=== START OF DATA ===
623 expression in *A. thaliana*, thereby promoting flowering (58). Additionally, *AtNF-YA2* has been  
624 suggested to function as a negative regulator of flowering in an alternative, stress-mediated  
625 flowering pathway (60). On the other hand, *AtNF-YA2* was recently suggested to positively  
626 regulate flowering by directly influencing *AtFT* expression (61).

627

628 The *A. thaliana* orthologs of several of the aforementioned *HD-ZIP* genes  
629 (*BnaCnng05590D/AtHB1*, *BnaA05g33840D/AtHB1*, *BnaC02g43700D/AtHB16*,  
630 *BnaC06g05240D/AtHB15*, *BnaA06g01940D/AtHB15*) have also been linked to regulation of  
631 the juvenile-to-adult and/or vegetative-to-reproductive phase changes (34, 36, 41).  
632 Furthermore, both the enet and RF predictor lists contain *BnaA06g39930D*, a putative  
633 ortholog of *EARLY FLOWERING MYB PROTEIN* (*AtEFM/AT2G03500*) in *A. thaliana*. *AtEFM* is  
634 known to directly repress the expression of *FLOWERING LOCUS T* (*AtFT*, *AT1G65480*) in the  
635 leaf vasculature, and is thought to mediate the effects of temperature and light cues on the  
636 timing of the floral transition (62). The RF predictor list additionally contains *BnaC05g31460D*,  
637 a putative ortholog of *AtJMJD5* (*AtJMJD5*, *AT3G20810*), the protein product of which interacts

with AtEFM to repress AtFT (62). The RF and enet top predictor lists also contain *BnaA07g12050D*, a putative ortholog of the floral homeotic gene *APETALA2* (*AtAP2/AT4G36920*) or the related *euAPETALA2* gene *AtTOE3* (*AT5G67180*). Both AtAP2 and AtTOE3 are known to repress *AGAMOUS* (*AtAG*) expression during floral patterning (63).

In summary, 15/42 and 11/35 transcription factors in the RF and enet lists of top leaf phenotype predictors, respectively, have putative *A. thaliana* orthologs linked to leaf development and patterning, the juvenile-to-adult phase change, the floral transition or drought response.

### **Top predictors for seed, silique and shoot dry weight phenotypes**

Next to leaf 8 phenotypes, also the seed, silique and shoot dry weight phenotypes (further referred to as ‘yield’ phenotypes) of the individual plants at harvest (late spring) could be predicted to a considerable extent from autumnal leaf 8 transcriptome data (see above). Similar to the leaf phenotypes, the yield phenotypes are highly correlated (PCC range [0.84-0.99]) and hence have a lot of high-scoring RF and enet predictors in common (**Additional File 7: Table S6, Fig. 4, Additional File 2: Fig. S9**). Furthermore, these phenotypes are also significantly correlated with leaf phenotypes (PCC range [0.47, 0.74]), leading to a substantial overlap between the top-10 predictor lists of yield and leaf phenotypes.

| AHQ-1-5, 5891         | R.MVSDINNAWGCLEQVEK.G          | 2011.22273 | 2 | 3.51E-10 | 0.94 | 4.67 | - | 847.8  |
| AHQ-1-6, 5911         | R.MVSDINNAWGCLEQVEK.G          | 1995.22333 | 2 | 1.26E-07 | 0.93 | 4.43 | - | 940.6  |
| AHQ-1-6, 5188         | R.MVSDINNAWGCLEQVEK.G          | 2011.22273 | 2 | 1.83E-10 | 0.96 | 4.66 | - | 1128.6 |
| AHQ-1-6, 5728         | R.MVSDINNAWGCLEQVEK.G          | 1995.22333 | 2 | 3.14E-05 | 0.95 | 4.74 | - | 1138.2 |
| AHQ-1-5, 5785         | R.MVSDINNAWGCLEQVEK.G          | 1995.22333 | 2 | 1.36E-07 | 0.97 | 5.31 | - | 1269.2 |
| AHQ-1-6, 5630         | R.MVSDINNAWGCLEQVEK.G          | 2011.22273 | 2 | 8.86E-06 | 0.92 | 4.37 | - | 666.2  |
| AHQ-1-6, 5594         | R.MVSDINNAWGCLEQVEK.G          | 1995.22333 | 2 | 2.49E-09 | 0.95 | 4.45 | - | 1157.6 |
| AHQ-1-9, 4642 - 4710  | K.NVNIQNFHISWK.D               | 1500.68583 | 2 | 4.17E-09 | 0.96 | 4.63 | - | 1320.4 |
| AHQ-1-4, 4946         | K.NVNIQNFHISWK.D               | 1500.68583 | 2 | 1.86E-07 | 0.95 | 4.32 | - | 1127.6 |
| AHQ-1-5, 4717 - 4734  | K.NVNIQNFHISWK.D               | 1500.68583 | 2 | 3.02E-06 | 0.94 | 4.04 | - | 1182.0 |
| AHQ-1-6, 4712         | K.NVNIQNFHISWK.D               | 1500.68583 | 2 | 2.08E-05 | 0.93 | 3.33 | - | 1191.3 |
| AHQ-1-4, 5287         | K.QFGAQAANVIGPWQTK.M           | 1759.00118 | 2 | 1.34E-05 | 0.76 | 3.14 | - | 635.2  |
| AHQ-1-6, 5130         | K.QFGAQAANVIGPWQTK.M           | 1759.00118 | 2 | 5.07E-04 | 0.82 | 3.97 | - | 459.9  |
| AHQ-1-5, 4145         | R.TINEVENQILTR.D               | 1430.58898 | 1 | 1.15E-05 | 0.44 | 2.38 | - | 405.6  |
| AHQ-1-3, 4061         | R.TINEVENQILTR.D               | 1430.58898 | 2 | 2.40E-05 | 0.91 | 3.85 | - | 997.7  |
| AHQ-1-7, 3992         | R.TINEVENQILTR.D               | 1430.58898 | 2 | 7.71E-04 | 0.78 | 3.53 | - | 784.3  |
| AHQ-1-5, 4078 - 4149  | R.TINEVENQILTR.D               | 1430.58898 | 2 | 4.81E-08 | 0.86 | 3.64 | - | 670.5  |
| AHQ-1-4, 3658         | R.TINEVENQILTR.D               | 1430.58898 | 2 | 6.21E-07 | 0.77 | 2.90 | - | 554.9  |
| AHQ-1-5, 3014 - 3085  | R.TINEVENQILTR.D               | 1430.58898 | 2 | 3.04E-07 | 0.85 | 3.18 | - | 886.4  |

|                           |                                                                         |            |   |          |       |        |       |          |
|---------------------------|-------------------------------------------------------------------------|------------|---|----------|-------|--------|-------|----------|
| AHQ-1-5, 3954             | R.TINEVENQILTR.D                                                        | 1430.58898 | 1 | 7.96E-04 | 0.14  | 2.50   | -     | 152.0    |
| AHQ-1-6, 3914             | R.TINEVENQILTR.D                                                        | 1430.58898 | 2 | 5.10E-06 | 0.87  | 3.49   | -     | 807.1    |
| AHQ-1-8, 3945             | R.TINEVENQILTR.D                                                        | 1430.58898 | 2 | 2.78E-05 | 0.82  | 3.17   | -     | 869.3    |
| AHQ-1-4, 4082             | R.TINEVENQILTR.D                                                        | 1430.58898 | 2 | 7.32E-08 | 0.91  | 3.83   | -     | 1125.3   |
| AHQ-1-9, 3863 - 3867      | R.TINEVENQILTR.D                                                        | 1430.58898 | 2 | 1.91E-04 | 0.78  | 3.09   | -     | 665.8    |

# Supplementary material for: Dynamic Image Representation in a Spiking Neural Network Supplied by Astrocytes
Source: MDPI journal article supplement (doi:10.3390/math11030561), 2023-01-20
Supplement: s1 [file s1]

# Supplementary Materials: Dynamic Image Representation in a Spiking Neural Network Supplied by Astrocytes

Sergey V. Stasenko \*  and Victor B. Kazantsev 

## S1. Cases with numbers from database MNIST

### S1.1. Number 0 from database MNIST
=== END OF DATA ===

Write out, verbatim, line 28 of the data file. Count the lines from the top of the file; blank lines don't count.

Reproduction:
| AHQ-1-4, 4946         | K.NVNIQNFHISWK.D               | 1500.68583 | 2 | 1.86E-07 | 0.95 | 4.32 | - | 1127.6 |